Any of the three measures in record low range, in my view, is worth taking account of.

      Reply
    • Spike

       /  March 4, 2015

      And they’re increasing deforestation again – which is to put it mildly, as Mr Spock would say, illogical.

      The forests begin to take their revenge. “According to Dr. Antonio Nobre, researcher in the government’s space institute’s Earth System Science Centre, and Chief Science Advisor, National Institute for Research in the Amazon (reported by the Guardian’s Jonathan Watts last October):”

      “Vegetation-climate equilibrium is teetering on the brink of the abyss … Studies more than 20 years ago predicted what is happening with lowering rainfall. Amazon deforestation is altering climate. It is no longer about models. It is about observation. The connection with the event in São Paulo is important because finally people are paying attention.”

      And:

      “During the past 40 years, close to 20 percent of the Amazon rainforest has been cut down-more than in all the previous 450 years since European colonization began”, Wallace continues. “Scientists fear that an additional 20 percent of the trees will be lost over the next two decades into the atmosphere.

      “If that happens, the forest’s ecology will begin to unravel. In fact, the Amazon produces half its own rainfall through the moisture it releases into the atmosphere. Eliminate enough of that rain through clearing, and the remaining trees dry out and die.”

      A few scientists are even suggesting that areas will revert to desert rather than savannah:

      http://www.theecologist.org/blogs_and_comments/commentators/2773319/brazils_ravaged_forests_are_taking_their_revenge.html

      Reply
  14. dnem

     /  March 3, 2015

    Thanks for this entry Robert – I raised the issue in a comment a couple of days ago (under a slightly different login). I continue to believe we’ll be better off in the long run the sooner we have a year that demolishes 1998 in the cherry-pickers’ “pause” arsenal. And in a similar vein, if this year’s melt eclipses 2012, we can get past talk of the 2012-2013 arctic “recovery.”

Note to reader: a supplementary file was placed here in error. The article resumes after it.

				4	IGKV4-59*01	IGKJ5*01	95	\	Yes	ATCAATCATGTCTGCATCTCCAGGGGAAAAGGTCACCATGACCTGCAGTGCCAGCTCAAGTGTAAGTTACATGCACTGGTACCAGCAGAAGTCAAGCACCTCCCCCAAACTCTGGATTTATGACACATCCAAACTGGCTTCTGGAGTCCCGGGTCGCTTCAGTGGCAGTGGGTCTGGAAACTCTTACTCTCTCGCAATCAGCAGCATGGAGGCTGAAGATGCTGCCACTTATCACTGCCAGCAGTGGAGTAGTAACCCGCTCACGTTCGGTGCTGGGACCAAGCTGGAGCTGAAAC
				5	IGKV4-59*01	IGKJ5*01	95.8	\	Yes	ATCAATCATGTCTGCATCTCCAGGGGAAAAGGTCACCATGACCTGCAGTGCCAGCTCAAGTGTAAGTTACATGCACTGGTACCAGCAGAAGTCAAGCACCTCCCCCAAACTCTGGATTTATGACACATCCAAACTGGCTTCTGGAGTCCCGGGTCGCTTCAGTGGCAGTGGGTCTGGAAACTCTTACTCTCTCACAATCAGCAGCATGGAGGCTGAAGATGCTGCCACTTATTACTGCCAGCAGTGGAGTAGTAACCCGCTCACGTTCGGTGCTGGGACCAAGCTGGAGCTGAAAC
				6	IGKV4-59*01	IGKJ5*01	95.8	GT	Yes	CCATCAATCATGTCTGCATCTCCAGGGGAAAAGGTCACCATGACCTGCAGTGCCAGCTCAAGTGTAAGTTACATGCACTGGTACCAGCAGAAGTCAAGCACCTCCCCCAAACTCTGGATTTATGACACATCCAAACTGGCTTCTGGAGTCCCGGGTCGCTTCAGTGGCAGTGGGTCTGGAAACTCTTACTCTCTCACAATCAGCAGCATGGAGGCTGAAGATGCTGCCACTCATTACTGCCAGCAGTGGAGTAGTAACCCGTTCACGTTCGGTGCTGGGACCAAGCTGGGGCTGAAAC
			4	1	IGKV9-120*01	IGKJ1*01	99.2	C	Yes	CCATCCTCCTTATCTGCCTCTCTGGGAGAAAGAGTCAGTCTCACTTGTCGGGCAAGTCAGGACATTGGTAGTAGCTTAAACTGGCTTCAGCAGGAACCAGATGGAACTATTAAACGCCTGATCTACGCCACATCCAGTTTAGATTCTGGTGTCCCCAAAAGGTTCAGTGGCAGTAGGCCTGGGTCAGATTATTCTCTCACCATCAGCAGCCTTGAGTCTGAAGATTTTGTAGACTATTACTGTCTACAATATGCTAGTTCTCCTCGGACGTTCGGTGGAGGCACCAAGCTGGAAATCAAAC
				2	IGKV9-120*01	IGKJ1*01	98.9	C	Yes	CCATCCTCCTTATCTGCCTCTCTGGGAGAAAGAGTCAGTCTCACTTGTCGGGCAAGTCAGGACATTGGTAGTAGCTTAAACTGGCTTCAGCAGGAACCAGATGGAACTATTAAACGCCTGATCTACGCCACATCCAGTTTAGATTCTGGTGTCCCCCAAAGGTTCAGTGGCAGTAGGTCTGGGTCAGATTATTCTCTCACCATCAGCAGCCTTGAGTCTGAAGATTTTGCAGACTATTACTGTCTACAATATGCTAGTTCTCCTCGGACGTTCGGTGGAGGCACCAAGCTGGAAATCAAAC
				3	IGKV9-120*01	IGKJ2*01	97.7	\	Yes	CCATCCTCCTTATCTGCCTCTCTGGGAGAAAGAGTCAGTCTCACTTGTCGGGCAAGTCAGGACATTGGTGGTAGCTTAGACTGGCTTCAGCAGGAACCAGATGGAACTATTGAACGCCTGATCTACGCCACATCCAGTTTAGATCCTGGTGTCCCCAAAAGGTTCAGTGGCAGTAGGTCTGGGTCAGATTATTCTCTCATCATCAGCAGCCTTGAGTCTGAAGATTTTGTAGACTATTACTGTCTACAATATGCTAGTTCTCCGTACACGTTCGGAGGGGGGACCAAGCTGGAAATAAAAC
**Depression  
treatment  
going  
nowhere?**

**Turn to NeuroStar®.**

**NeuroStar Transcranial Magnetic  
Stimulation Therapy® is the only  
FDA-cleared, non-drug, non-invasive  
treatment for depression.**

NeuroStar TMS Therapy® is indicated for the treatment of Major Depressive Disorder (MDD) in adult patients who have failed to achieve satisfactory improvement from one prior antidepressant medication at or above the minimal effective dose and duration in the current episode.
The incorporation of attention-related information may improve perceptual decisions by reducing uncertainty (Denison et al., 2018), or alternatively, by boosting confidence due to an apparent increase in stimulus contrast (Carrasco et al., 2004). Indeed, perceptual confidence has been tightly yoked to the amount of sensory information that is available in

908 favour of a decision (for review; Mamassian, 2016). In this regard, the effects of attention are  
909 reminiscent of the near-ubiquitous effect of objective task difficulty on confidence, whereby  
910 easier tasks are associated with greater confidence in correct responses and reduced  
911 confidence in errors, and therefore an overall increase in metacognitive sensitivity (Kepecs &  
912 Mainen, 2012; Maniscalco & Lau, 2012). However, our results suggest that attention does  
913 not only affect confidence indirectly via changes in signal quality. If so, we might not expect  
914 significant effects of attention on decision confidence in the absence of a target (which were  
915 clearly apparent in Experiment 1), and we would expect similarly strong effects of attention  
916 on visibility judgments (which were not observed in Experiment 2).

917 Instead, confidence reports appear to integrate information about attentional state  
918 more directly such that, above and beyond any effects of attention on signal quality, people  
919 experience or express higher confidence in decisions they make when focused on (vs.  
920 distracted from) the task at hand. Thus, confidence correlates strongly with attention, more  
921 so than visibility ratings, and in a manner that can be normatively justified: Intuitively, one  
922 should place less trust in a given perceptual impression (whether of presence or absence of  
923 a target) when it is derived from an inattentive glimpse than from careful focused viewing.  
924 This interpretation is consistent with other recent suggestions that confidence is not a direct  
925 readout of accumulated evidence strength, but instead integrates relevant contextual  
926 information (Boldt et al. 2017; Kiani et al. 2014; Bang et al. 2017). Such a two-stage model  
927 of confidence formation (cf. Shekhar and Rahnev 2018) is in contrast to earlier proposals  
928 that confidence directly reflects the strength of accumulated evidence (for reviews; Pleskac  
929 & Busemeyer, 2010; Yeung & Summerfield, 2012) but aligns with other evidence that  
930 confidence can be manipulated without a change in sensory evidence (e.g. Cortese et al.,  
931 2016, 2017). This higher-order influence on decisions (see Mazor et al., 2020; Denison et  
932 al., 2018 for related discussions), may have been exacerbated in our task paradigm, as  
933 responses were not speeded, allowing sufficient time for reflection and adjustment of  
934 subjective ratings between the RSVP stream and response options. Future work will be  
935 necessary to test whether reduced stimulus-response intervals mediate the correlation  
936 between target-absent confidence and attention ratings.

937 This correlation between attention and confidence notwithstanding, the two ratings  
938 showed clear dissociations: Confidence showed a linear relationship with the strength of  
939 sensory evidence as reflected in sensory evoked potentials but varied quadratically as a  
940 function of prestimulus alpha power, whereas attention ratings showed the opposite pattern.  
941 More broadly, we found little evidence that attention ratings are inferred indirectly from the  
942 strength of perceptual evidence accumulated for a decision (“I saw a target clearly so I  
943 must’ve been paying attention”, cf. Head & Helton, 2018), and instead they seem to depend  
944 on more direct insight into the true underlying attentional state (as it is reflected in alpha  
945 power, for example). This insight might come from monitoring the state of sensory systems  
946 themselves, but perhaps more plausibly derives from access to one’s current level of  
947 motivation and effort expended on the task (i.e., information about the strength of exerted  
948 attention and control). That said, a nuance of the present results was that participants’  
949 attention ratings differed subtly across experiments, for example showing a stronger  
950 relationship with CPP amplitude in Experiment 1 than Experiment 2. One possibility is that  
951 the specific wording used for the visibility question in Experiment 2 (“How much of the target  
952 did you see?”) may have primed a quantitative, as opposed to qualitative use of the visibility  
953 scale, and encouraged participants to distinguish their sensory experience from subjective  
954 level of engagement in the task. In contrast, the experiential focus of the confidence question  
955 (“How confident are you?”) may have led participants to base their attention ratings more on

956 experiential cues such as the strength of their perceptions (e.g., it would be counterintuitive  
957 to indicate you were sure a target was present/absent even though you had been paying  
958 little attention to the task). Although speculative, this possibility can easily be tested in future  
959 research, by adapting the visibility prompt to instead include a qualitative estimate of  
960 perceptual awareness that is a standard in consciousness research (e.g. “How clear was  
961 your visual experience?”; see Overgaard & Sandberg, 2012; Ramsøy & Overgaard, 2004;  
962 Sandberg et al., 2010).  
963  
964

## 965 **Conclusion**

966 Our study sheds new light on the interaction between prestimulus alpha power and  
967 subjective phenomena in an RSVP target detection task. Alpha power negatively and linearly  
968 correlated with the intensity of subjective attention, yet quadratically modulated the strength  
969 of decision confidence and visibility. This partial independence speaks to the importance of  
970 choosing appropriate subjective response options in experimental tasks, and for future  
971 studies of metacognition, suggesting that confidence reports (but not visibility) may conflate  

Reply
    • Thanks Dnem. I’ll credit you in the hat tips. I hadn’t remembered who put the request in!

      I think we need to just roll with the variation. The overall trend is clear and provides more than enough proof. 1998 is already falling behind in the temperature measures. As for sea ice — it’s a complex beast that can be wagged about by glacial discharge rates. It’s worth tracking, but it isn’t the sole evidence for warming and I think we shouldn’t use it as the primary measure.

      Warming is primarily a measure of ocean warming (where the majority of the heat goes), ice melt (primarily land ice, the smaller fraction that is sea ice can be quite variable), atmosphere (which captures the least amount of heat overall). I’d say ocean temperature and rate of sea level rise are primary indicators. Atmospheric warming is more wildly shoved about, and sea ice might well be the most volatile measure of all.

      Still worth tracking in this context. But we should be aware that large glacial outflows thickening the fresh water wedge have their impacts.

      Reply
      • dnem

         /  March 3, 2015

        Completely agree. I’d only add that there are good, scientifically useful metrics, and then there are those things that capture the public’s attention. This is the last time I’ll belabor this point, but I know 1998 is fading away, but it still makes a good cherry-pick start point for a bogus temperature regression that can sow doubt. I know sea ice is highly variable and subject to confounding feedbacks, but an ice-free arctic is a striking image that will play large in the public zeitgeist.

        Reply
      • I agree, Dnem.

        Reply
  15. dnem

     /  March 3, 2015

    I meant 2013-2014 “recovery”.

    Reply
    • dnem – Please excuse my ignorance, but what “2013-2014 recovery” would that be?

      http://GreatWhiteCon.info/2014/08/has-the-arctic-ice-cap-expanded-for-the-second-year-in-succession/

      Reply
      • dnem

         /  March 3, 2015

        Jim, I read your comments on the Arctic Sea Ice Forum all the time. Great, sane, valuable information. Did you miss my “quotes” around “recovery”? All I was saying was that as we bounce along well below 2 SDs below the already low recent 30 year period, it raises the possibility that this summer might help kill a persistent meme – that the summer’s of 2013 and 2014 represent any sort of arctic ice “recovery.”

        Reply
        • climatehawk1

           /  March 3, 2015

          Nice idea, but it won’t happen. Fundamental axiom of denialism: “Every new record marks the beginning of a recovery.”

        • Sorry if my comment seemed a trifle curt dnem. I wasn’t sure why you changed 2012/13 to 13/14? 2012/13 was a “recovery”. Depending on the power of your magnifying glass 2013/14 was either a “statistical tie” or a modest resumption of the long term downtrend.